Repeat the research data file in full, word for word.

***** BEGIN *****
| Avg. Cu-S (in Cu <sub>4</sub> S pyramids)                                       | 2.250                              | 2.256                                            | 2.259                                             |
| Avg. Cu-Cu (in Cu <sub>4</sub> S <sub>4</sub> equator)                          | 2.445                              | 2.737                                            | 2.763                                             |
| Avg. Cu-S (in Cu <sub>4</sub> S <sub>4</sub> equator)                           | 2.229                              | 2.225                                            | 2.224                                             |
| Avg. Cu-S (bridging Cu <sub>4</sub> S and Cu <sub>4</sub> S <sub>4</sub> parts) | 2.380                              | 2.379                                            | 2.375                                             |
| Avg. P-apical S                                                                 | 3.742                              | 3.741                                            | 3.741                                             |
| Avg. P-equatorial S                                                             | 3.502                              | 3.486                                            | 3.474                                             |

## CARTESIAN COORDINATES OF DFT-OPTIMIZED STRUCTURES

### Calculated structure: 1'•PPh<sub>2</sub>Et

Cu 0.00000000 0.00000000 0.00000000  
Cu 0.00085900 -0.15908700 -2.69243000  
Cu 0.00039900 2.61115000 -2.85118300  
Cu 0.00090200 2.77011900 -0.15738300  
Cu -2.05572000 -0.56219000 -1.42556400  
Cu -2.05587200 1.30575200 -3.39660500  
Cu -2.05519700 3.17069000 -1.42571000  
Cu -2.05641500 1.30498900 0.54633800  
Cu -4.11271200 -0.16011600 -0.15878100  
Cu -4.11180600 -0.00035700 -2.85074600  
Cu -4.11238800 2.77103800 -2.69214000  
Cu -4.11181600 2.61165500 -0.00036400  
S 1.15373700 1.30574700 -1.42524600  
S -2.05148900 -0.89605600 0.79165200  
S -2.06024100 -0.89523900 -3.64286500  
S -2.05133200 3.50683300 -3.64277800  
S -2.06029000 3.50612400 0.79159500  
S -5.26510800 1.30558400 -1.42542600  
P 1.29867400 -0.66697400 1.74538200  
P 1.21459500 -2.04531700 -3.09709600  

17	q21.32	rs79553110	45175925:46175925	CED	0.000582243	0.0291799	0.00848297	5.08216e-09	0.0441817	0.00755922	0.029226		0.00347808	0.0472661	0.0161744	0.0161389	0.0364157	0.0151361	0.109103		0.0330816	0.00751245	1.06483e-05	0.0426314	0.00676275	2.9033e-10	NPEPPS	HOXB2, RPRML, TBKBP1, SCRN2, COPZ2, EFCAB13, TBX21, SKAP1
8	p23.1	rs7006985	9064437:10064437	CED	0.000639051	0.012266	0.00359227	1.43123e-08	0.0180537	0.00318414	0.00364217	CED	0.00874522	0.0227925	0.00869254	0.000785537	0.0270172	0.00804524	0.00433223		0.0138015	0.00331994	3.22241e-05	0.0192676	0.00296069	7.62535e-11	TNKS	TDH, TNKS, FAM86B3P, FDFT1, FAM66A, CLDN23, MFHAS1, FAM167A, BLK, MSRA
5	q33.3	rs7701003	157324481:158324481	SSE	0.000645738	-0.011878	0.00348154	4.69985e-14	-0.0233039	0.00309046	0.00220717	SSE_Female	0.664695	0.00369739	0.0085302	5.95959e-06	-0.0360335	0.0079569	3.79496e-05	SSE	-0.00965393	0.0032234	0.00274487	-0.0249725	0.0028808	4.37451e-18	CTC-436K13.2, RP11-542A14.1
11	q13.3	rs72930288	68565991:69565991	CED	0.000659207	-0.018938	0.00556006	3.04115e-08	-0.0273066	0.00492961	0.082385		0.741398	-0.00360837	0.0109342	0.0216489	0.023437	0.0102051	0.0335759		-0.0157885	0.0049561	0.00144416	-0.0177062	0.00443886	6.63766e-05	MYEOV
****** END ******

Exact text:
| Avg. Cu-S (in Cu <sub>4</sub> S pyramids)                                       | 2.250                              | 2.256                                            | 2.259                                             |
| Avg. Cu-Cu (in Cu <sub>4</sub> S <sub>4</sub> equator)                          | 2.445                              | 2.737                                            | 2.763                                             |
| Avg. Cu-S (in Cu <sub>4</sub> S <sub>4</sub> equator)                           | 2.229                              | 2.225                                            | 2.224                                             |
| Avg. Cu-S (bridging Cu <sub>4</sub> S and Cu <sub>4</sub> S <sub>4</sub> parts) | 2.380                              | 2.379                                            | 2.375                                             |
| Avg. P-apical S                                                                 | 3.742                              | 3.741                                            | 3.741                                             |
| Avg. P-equatorial S                                                             | 3.502                              | 3.486                                            | 3.474                                             |

## CARTESIAN COORDINATES OF DFT-OPTIMIZED STRUCTURES

### Calculated structure: 1'•PPh<sub>2</sub>Et

Cu 0.00000000 0.00000000 0.00000000  
Cu 0.00085900 -0.15908700 -2.69243000  
Cu 0.00039900 2.61115000 -2.85118300  
Cu 0.00090200 2.77011900 -0.15738300  
Cu -2.05572000 -0.56219000 -1.42556400  
Cu -2.05587200 1.30575200 -3.39660500  
Cu -2.05519700 3.17069000 -1.42571000  
Cu -2.05641500 1.30498900 0.54633800  
Cu -4.11271200 -0.16011600 -0.15878100  
Cu -4.11180600 -0.00035700 -2.85074600  
Cu -4.11238800 2.77103800 -2.69214000  
Cu -4.11181600 2.61165500 -0.00036400  
S 1.15373700 1.30574700 -1.42524600  
S -2.05148900 -0.89605600 0.79165200  
S -2.06024100 -0.89523900 -3.64286500  
S -2.05133200 3.50683300 -3.64277800  
S -2.06029000 3.50612400 0.79159500  
S -5.26510800 1.30558400 -1.42542600  
P 1.29867400 -0.66697400 1.74538200  
P 1.21459500 -2.04531700 -3.09709600  

17	q21.32	rs79553110	45175925:46175925	CED	0.000582243	0.0291799	0.00848297	5.08216e-09	0.0441817	0.00755922	0.029226		0.00347808	0.0472661	0.0161744	0.0161389	0.0364157	0.0151361	0.109103		0.0330816	0.00751245	1.06483e-05	0.0426314	0.00676275	2.9033e-10	NPEPPS	HOXB2, RPRML, TBKBP1, SCRN2, COPZ2, EFCAB13, TBX21, SKAP1
8	p23.1	rs7006985	9064437:10064437	CED	0.000639051	0.012266	0.00359227	1.43123e-08	0.0180537	0.00318414	0.00364217	CED	0.00874522	0.0227925	0.00869254	0.000785537	0.0270172	0.00804524	0.00433223		0.0138015	0.00331994	3.22241e-05	0.0192676	0.00296069	7.62535e-11	TNKS	TDH, TNKS, FAM86B3P, FDFT1, FAM66A, CLDN23, MFHAS1, FAM167A, BLK, MSRA
5	q33.3	rs7701003	157324481:158324481	SSE	0.000645738	-0.011878	0.00348154	4.69985e-14	-0.0233039	0.00309046	0.00220717	SSE_Female	0.664695	0.00369739	0.0085302	5.95959e-06	-0.0360335	0.0079569	3.79496e-05	SSE	-0.00965393	0.0032234	0.00274487	-0.0249725	0.0028808	4.37451e-18	CTC-436K13.2, RP11-542A14.1
11	q13.3	rs72930288	68565991:69565991	CED	0.000659207	-0.018938	0.00556006	3.04115e-08	-0.0273066	0.00492961	0.082385		0.741398	-0.00360837	0.0109342	0.0216489	0.023437	0.0102051	0.0335759		-0.0157885	0.0049561	0.00144416	-0.0177062	0.00443886	6.63766e-05	MYEOV